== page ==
|1. The Banks Of Green Willow|
|2. A London Symphony (Symphony No. 2)|
The 1913 version lasts just over an hour but what an hour! Richard Hickox and the London Symphony Orchestra give a very broad reading with fairly slow tempi. The playing is wonderful with the quietest pianissimos. The first movement is unchanged but there are restored passages elsewhere. Those in the slow movement are of breath-taking beauty. This movement is now over sixteen minutes long and as played here is an overwhelming emotional experience. All the 'new' passages are memorable and effective at the very least and often strikingly original. Was Vaughan Williams right? Give me the rest of my life with both, then I will tell you.
The lovely rhapsody 'The Banks of Green Willow' by George Butterworth receives an affectionate performance too.
This is a very important and distinguished recording indeed. It is not only historical but gives the listener a unique musical experience which may not be repeatable once it is deleted although I do not think that will be for many years. It is also a great performance in its own right and one can almost feel the dedication that has gone into its production. The notes are excellent and are written by Stephen Connock, who is Chairman of The Ralph Vaughan Williams Society, and by Michael Kennedy who was a friend of RVW and has written an excellent book on his life and works. The recording is superb.
Moral of the story? It's not just about what you're used to. And don't be afraid to question whether all the decisions of your favourite genius are necessarily for the best. How can anything really be judged or measured, especially potentials and possibilities? What, say, if Butterworth hadn't gone to the Somme, where he was shot dead in 1916? As Stephen Connock says in his sleevenotes to this recording, The Banks of Green Willow "becomes the more poignant as we recall the fate of its gifted composer." It does seem pregnant with music yet unheard. Vaughan Williams thought that with his revisions he'd cut out some "bad bits" from his Symphony No. 2. For me, though, some babies definitely went out with the bathwater - and it's wonderful to hear them on this recording.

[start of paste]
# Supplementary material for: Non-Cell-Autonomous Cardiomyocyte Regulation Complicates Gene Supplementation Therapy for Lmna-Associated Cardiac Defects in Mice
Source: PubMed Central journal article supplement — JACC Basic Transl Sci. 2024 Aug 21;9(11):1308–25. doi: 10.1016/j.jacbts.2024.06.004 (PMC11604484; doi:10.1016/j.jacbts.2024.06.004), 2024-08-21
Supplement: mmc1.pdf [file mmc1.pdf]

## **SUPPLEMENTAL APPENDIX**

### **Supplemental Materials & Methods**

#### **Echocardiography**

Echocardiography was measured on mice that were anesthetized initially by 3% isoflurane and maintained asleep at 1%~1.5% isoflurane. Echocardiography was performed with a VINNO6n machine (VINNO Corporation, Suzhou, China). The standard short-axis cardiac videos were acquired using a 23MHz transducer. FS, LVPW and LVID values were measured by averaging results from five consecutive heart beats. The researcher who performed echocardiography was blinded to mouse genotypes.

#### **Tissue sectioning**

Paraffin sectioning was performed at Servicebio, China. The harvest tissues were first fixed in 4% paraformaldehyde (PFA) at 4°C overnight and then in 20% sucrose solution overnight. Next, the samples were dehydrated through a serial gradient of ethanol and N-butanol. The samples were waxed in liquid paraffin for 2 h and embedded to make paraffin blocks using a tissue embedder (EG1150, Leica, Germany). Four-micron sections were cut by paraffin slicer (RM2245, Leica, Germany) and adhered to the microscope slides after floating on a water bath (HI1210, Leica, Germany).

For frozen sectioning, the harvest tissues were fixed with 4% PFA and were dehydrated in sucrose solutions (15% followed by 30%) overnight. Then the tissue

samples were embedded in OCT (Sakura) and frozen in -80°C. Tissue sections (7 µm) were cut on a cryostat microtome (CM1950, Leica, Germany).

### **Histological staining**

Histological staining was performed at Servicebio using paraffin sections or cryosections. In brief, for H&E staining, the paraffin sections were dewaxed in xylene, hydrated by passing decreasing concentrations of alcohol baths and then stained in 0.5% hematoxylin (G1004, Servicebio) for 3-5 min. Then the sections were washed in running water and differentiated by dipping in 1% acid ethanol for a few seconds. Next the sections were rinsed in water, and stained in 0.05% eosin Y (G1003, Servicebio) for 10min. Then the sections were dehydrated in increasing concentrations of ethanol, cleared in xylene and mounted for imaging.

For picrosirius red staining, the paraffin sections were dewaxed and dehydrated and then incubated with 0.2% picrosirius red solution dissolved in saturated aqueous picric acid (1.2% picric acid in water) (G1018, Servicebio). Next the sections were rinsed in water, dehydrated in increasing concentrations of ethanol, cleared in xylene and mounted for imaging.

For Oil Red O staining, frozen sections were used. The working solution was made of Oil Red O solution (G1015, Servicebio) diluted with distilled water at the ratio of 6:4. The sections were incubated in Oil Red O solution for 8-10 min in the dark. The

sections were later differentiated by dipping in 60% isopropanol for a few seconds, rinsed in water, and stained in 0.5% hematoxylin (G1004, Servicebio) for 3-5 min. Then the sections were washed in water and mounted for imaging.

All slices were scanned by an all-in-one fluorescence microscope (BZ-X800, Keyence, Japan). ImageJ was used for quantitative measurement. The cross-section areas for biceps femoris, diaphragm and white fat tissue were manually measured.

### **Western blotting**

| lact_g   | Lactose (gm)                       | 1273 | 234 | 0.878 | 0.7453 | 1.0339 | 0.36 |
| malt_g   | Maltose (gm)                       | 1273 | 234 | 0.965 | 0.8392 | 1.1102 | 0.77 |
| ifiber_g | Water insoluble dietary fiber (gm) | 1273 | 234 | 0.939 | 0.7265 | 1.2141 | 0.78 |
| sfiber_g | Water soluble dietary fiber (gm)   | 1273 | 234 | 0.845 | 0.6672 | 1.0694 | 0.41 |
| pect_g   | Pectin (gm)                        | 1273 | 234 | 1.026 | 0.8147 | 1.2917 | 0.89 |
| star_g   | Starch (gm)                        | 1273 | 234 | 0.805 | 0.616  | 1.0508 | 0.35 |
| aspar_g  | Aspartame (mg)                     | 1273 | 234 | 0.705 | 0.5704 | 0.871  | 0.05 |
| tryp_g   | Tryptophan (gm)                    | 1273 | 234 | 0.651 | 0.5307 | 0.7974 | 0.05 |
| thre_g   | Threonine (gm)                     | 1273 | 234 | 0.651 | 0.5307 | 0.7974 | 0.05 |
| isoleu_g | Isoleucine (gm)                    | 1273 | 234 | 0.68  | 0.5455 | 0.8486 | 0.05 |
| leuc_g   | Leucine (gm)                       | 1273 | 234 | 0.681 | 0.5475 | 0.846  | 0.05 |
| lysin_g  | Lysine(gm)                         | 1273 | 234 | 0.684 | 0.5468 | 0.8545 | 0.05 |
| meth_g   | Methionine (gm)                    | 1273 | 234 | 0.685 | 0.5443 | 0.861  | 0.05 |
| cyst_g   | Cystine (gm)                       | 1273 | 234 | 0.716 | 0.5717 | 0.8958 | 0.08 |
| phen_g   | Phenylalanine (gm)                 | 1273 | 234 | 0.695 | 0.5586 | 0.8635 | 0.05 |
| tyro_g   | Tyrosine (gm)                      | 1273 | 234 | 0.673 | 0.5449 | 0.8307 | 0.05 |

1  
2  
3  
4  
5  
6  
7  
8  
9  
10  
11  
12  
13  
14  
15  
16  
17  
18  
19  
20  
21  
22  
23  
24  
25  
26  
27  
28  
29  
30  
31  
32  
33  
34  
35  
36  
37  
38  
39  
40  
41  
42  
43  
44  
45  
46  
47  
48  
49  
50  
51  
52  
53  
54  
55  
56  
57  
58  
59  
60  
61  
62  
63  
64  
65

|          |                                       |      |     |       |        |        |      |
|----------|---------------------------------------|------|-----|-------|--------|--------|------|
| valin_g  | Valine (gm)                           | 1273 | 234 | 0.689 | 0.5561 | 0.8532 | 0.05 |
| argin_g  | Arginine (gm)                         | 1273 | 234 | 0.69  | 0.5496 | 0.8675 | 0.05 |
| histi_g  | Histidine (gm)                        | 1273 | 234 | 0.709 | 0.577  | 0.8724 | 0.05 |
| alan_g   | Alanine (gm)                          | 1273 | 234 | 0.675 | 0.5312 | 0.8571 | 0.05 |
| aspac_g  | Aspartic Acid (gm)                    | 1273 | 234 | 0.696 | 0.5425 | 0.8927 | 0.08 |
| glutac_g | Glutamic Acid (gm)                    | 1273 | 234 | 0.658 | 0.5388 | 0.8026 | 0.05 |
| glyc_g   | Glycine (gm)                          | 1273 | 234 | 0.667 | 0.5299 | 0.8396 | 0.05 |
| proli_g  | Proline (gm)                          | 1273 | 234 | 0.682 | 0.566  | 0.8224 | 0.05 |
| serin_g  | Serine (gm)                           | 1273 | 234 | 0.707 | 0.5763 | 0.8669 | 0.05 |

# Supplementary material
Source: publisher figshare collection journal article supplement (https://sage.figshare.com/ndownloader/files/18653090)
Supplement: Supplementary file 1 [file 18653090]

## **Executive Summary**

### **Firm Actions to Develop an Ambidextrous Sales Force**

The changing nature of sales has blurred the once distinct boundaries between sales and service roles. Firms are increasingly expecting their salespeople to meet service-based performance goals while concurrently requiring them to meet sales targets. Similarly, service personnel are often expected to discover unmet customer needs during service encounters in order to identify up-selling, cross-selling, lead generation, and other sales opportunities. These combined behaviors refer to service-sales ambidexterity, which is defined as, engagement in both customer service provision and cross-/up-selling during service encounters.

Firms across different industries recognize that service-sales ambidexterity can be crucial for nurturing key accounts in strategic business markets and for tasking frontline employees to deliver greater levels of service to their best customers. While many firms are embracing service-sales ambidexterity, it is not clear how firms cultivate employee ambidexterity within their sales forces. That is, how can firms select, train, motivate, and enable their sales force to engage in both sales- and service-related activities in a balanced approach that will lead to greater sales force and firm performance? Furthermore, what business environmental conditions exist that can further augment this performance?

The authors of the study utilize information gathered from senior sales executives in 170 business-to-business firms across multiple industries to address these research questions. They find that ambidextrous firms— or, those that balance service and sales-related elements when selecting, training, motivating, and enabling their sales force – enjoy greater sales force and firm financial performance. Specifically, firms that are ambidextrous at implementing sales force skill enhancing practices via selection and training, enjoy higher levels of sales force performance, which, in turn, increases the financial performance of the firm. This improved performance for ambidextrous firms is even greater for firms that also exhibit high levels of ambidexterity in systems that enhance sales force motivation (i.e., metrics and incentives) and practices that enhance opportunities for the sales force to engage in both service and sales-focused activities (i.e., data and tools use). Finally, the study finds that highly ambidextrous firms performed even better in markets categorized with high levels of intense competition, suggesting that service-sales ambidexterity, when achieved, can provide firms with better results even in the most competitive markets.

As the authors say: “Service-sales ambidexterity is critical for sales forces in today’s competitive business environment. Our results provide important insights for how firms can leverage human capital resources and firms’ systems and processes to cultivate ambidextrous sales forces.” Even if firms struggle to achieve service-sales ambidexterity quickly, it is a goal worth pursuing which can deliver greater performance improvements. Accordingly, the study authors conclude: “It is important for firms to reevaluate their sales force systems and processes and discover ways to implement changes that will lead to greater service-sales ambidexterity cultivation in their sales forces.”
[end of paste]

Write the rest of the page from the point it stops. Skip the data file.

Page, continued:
Worth bearing in mind that both these composers were avid collectors of folksong, and their creative flow was sometimes not so much a matter of originating as of re-expressing, revitalising. Rather than mere production of form, creativity might be better understood in this context in terms of metabolism or moving of energy, of spirit - much as we might experience with others similarly drawing on a folk heritage, such [in music] as Bartok, Holst and Stravinsky, to name just a few.
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